These variables of liability have great areas of overlap, and it’s easy to see how the true culprit of a crash could get confusing. Was the operator at fault even though the vehicle warned them of an obstacle too late to avoid it? Was the manufacturer at fault even though their customer put too much trust in a car that wasn’t fully self-driving? There’s a vast gray area. As a result, experts in the field are suggesting that liability would be divided in cases where a single cause of a crash isn’t clear.
Is False Advertising to Blame?
Another culprit for crashes with autonomous vehicles could go much further back than the moments before a wreck occurs. One of the major problems could be within the advertising itself, as some manufacturers market their cars online as having “autopilot” features or being totally self-driving. When people buy these cars, they understandably believe that the vehicle is capable of driving all by itself, without the guidance of a human being. This can lead drivers to feel that they are safe taking their hands off the wheel even when they aren’t, which naturally leads to accidents. The NTSB has referred to this phenomenon of misplaced trust in technology as “automation complacency,” and some companies such as Tesla have been investigated to see whether their advertising is contributing to higher levels of it. There’s a possibility that, in the future, companies could be the ones found liable for self-driving car accidents if they tricked consumers into believing their vehicle is more autonomous than it really is.
Safety and Self-Driving Cars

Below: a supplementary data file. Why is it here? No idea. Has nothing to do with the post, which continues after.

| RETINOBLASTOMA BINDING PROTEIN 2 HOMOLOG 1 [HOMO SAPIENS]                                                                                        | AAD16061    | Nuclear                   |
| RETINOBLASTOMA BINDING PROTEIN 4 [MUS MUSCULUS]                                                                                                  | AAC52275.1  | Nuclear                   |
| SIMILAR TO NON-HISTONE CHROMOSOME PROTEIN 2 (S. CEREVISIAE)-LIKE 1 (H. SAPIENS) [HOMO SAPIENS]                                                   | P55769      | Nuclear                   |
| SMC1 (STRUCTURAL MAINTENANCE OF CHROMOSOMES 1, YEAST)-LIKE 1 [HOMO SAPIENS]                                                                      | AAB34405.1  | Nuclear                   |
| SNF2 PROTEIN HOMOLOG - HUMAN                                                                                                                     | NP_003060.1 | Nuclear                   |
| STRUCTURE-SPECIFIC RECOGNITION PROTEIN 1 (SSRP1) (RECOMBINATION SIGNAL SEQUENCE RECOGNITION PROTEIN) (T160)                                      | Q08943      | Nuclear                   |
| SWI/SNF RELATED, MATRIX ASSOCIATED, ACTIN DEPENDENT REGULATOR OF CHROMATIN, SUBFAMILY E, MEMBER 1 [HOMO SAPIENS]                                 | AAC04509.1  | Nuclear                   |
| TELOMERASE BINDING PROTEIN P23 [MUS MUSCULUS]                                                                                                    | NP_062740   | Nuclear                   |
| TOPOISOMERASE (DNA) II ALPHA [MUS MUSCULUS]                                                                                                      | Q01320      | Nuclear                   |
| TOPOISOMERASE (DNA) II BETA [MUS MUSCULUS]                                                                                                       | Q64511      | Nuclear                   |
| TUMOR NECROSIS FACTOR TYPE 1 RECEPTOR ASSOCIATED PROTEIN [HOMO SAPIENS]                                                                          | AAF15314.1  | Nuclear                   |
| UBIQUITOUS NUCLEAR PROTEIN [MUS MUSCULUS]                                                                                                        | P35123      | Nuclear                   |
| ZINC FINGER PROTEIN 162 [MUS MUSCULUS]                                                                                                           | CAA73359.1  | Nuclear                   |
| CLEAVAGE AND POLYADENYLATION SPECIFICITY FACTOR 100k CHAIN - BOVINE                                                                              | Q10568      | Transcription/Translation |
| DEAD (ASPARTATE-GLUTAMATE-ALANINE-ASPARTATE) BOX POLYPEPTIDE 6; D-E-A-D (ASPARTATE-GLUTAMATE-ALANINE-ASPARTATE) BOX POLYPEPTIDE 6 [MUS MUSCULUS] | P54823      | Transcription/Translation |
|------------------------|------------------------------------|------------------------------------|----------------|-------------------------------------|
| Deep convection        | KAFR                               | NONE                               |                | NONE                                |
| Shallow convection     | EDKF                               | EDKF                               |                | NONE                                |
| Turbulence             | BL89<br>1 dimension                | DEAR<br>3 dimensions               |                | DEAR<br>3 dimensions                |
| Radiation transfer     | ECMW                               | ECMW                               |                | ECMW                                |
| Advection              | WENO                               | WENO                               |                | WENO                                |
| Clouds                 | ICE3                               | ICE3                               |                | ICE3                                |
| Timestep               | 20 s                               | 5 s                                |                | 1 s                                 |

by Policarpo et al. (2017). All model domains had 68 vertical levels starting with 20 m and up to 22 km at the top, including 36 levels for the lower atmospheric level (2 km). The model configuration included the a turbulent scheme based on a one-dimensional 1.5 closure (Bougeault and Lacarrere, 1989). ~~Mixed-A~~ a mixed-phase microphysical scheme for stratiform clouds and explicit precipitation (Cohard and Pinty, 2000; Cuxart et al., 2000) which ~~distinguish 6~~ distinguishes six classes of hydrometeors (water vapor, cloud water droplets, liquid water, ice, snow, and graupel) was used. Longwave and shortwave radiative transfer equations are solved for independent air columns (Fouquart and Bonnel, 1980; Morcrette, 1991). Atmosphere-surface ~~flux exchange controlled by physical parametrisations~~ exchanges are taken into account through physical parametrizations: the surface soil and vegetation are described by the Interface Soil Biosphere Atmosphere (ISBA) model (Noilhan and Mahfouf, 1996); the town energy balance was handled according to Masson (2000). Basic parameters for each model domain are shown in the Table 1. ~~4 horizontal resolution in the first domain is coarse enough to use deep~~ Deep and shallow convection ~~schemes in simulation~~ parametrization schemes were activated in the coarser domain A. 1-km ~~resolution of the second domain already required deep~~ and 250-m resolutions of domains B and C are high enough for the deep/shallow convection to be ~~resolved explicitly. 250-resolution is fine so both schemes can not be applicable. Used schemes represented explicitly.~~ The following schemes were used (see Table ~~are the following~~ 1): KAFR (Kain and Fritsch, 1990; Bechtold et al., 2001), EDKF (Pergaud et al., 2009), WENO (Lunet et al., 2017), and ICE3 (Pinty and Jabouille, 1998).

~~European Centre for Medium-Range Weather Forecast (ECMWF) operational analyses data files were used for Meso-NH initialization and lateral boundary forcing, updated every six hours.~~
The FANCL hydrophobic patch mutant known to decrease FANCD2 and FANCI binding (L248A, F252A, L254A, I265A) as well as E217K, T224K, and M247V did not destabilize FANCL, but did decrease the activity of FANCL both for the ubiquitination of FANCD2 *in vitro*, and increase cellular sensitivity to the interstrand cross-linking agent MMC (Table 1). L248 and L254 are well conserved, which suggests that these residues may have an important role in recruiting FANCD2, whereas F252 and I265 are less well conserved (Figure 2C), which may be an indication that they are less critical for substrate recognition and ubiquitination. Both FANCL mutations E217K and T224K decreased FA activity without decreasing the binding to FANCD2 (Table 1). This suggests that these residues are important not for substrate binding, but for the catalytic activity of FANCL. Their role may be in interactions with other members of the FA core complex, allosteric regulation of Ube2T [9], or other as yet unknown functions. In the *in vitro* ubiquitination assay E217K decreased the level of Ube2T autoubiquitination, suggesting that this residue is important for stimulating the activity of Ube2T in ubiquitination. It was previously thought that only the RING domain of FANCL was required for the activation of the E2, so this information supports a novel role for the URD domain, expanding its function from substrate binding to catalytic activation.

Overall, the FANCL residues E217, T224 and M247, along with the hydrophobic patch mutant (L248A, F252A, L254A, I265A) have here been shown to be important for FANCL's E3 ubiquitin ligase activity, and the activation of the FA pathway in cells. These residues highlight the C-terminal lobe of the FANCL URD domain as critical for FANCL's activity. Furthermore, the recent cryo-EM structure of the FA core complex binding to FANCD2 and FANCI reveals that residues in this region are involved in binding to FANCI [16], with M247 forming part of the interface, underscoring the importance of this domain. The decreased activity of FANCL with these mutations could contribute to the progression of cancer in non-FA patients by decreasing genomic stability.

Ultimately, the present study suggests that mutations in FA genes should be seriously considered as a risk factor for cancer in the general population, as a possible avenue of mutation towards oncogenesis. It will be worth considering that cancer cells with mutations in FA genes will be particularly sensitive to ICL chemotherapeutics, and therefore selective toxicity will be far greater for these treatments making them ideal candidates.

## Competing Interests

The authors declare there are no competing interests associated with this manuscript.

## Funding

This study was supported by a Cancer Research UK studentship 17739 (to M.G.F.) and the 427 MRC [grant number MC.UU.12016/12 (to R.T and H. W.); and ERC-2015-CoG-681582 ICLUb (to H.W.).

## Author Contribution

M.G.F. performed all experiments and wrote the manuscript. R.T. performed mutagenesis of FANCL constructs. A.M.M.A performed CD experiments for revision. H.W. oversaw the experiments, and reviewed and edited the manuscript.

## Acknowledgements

Although it is important to consider how the law would handle liability with self-driving cars, it’s equally as important not to become too concerned about this technology. The reason self-driving cars are being invented and developed in the first place is because they are safer than human-operated vehicles. Unlike a person, an autonomous car can never drive drunk, get distracted, or fall asleep at the wheel. Furthermore, the bits and pieces of driverless technology that already exist have been shown to be extremely safe. We might not think of them as hi-tech features, but elements such as anti-lock brakes, which significantly decrease crashes in wet conditions, and cruise control, which reduces speeding, are driverless features that keep us safe. In fact, the NHTSA reports only 18 fatalities have been associated with driverless cars, and each of these fatalities has been attributed to a Level 2 autonomous vehicle; as far as we know, no one has ever been killed by a fully autonomous car. Some may argue that this is just because the technology is new, but cars with Level 2 autonomy have existed since the 90s. A track record of 18 deaths in nearly 30 years would seem to suggest that, as the engineers designing these vehicles believed, autonomous cars are safer than those with a human pilot. Crashes involving self-driving cars make up .02% of all crashes that happen in the U.S. yearly, and these crashes cause as little as .005% of all car crash fatalities. The likelihood that your car will ever collide with a self-driving car is incredibly low, and the odds that you will be injured or killed by this collision are even lower.